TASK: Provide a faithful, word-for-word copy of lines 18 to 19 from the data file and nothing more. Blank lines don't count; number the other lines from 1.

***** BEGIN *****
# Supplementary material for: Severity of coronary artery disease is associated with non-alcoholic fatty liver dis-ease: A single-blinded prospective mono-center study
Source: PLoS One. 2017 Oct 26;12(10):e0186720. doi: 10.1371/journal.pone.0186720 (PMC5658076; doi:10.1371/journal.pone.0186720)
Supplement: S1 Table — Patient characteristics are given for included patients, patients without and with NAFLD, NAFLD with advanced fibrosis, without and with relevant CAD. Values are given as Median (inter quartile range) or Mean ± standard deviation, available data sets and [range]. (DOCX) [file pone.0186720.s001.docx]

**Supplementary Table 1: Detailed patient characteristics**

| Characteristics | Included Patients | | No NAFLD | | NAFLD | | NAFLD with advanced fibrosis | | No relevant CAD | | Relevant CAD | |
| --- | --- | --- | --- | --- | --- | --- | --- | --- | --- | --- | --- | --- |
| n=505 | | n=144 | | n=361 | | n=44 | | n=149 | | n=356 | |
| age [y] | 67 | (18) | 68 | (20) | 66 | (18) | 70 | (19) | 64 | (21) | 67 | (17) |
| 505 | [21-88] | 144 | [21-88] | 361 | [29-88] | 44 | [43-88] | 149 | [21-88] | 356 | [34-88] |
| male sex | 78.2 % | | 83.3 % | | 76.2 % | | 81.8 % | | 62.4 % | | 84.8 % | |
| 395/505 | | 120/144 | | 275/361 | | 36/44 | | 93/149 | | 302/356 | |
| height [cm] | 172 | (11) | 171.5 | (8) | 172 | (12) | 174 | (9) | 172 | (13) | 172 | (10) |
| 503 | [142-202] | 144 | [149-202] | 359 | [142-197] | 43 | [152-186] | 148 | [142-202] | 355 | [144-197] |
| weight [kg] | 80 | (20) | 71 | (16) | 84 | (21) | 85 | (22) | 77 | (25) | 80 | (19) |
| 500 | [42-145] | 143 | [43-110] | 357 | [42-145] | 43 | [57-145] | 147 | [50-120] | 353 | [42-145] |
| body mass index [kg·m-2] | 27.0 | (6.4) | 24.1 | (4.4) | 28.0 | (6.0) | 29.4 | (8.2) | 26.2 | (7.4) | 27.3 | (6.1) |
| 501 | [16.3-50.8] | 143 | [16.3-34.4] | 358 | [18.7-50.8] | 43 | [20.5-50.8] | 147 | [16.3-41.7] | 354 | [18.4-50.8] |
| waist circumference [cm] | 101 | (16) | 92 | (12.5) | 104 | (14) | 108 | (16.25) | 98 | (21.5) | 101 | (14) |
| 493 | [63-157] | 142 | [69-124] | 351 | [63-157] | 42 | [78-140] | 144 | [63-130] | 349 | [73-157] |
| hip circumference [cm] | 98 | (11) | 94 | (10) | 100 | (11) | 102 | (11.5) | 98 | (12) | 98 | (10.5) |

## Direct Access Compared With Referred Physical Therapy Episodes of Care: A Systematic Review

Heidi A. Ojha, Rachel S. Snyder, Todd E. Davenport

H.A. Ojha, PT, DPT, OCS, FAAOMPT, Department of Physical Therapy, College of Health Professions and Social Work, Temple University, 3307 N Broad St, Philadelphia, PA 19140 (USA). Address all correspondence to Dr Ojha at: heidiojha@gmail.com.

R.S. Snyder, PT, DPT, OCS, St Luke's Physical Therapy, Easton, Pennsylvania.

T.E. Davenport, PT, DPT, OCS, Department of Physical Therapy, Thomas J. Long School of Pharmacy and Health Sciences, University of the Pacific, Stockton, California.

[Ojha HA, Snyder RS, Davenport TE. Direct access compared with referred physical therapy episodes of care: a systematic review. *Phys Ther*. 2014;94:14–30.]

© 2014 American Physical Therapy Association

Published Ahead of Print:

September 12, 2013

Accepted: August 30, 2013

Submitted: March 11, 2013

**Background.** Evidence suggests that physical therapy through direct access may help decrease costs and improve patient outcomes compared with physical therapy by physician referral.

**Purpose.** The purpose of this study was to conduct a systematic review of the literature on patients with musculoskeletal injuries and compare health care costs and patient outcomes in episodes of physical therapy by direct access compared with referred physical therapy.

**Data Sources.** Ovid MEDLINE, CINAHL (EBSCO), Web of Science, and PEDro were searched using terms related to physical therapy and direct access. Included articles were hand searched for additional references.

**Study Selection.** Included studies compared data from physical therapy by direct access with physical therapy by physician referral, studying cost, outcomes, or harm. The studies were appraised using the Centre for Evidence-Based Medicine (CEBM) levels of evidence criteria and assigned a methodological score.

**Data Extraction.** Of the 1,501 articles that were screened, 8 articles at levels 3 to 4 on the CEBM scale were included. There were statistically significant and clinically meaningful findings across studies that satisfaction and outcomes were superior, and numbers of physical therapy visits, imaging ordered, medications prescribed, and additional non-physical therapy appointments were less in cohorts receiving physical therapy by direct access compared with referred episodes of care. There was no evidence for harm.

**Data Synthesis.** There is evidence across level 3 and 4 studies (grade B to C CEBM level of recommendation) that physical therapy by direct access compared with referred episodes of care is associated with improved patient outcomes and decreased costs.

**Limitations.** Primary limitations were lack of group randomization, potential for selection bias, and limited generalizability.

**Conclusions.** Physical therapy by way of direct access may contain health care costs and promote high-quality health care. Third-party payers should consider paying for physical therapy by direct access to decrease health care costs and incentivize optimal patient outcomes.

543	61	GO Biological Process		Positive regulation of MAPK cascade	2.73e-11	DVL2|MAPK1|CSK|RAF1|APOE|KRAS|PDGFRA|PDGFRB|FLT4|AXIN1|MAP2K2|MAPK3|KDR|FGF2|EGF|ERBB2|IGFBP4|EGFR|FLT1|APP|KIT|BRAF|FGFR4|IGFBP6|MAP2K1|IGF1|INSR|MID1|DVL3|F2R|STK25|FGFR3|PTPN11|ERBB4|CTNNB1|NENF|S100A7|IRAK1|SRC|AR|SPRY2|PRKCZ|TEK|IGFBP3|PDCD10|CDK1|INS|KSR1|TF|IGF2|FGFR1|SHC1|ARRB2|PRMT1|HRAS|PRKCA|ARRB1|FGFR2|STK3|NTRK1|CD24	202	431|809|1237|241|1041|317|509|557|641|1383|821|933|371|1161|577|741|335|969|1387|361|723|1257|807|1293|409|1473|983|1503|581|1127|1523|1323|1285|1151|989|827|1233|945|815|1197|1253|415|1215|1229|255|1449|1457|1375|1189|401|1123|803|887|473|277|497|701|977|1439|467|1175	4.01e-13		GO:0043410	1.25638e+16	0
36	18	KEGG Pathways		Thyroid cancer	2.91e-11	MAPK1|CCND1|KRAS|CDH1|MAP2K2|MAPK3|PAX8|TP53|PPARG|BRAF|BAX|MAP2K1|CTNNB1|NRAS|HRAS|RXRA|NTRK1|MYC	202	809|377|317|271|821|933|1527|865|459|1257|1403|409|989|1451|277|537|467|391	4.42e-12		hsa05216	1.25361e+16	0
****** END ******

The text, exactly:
| waist circumference [cm] | 101 | (16) | 92 | (12.5) | 104 | (14) | 108 | (16.25) | 98 | (21.5) | 101 | (14) |
| 493 | [63-157] | 142 | [69-124] | 351 | [63-157] | 42 | [78-140] | 144 | [63-130] | 349 | [73-157] |